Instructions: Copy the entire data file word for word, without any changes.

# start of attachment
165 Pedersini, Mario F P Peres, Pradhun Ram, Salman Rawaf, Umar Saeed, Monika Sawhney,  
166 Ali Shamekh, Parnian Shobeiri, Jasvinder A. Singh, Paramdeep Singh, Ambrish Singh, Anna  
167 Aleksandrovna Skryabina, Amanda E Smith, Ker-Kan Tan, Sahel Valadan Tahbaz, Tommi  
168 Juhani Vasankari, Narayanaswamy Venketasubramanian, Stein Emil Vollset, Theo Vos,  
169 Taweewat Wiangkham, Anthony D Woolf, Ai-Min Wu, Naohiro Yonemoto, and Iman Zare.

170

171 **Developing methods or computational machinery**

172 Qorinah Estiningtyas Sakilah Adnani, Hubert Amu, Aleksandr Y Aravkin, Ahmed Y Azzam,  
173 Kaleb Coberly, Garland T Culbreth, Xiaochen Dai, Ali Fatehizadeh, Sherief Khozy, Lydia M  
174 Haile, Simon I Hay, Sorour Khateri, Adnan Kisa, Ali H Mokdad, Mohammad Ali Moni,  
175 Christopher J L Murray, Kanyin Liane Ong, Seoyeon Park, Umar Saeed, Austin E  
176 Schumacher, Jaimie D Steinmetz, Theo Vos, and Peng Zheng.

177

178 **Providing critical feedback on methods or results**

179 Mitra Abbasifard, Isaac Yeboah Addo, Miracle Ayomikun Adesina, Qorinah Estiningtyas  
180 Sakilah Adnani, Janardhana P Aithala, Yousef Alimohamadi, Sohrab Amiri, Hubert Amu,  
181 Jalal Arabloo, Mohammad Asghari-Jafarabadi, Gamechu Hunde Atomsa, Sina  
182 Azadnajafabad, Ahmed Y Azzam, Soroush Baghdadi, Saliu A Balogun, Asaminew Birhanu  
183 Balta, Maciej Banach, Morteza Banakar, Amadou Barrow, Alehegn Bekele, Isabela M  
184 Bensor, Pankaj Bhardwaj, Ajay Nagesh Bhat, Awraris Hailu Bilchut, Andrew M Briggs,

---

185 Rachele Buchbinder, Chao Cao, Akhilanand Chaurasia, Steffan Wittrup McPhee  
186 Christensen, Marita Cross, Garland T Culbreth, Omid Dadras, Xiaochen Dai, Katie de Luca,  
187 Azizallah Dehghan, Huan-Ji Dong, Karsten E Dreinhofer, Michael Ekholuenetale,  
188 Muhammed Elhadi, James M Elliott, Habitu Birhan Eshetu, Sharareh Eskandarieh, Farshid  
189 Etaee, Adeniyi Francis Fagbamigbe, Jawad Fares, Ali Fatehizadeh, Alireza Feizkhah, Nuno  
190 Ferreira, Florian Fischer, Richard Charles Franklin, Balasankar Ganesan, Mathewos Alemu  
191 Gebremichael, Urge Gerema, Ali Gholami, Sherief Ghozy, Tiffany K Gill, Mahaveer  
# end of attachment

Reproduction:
165 Pedersini, Mario F P Peres, Pradhun Ram, Salman Rawaf, Umar Saeed, Monika Sawhney,  
166 Ali Shamekh, Parnian Shobeiri, Jasvinder A. Singh, Paramdeep Singh, Ambrish Singh, Anna  
167 Aleksandrovna Skryabina, Amanda E Smith, Ker-Kan Tan, Sahel Valadan Tahbaz, Tommi  
168 Juhani Vasankari, Narayanaswamy Venketasubramanian, Stein Emil Vollset, Theo Vos,  
169 Taweewat Wiangkham, Anthony D Woolf, Ai-Min Wu, Naohiro Yonemoto, and Iman Zare.

170

171 **Developing methods or computational machinery**

172 Qorinah Estiningtyas Sakilah Adnani, Hubert Amu, Aleksandr Y Aravkin, Ahmed Y Azzam,  
173 Kaleb Coberly, Garland T Culbreth, Xiaochen Dai, Ali Fatehizadeh, Sherief Khozy, Lydia M  
174 Haile, Simon I Hay, Sorour Khateri, Adnan Kisa, Ali H Mokdad, Mohammad Ali Moni,  
175 Christopher J L Murray, Kanyin Liane Ong, Seoyeon Park, Umar Saeed, Austin E  
176 Schumacher, Jaimie D Steinmetz, Theo Vos, and Peng Zheng.

177

178 **Providing critical feedback on methods or results**

179 Mitra Abbasifard, Isaac Yeboah Addo, Miracle Ayomikun Adesina, Qorinah Estiningtyas  
180 Sakilah Adnani, Janardhana P Aithala, Yousef Alimohamadi, Sohrab Amiri, Hubert Amu,  
181 Jalal Arabloo, Mohammad Asghari-Jafarabadi, Gamechu Hunde Atomsa, Sina  
182 Azadnajafabad, Ahmed Y Azzam, Soroush Baghdadi, Saliu A Balogun, Asaminew Birhanu  
183 Balta, Maciej Banach, Morteza Banakar, Amadou Barrow, Alehegn Bekele, Isabela M  
184 Bensor, Pankaj Bhardwaj, Ajay Nagesh Bhat, Awraris Hailu Bilchut, Andrew M Briggs,

---

185 Rachele Buchbinder, Chao Cao, Akhilanand Chaurasia, Steffan Wittrup McPhee  
186 Christensen, Marita Cross, Garland T Culbreth, Omid Dadras, Xiaochen Dai, Katie de Luca,  
187 Azizallah Dehghan, Huan-Ji Dong, Karsten E Dreinhofer, Michael Ekholuenetale,  
188 Muhammed Elhadi, James M Elliott, Habitu Birhan Eshetu, Sharareh Eskandarieh, Farshid  
189 Etaee, Adeniyi Francis Fagbamigbe, Jawad Fares, Ali Fatehizadeh, Alireza Feizkhah, Nuno  
190 Ferreira, Florian Fischer, Richard Charles Franklin, Balasankar Ganesan, Mathewos Alemu  
191 Gebremichael, Urge Gerema, Ali Gholami, Sherief Ghozy, Tiffany K Gill, Mahaveer  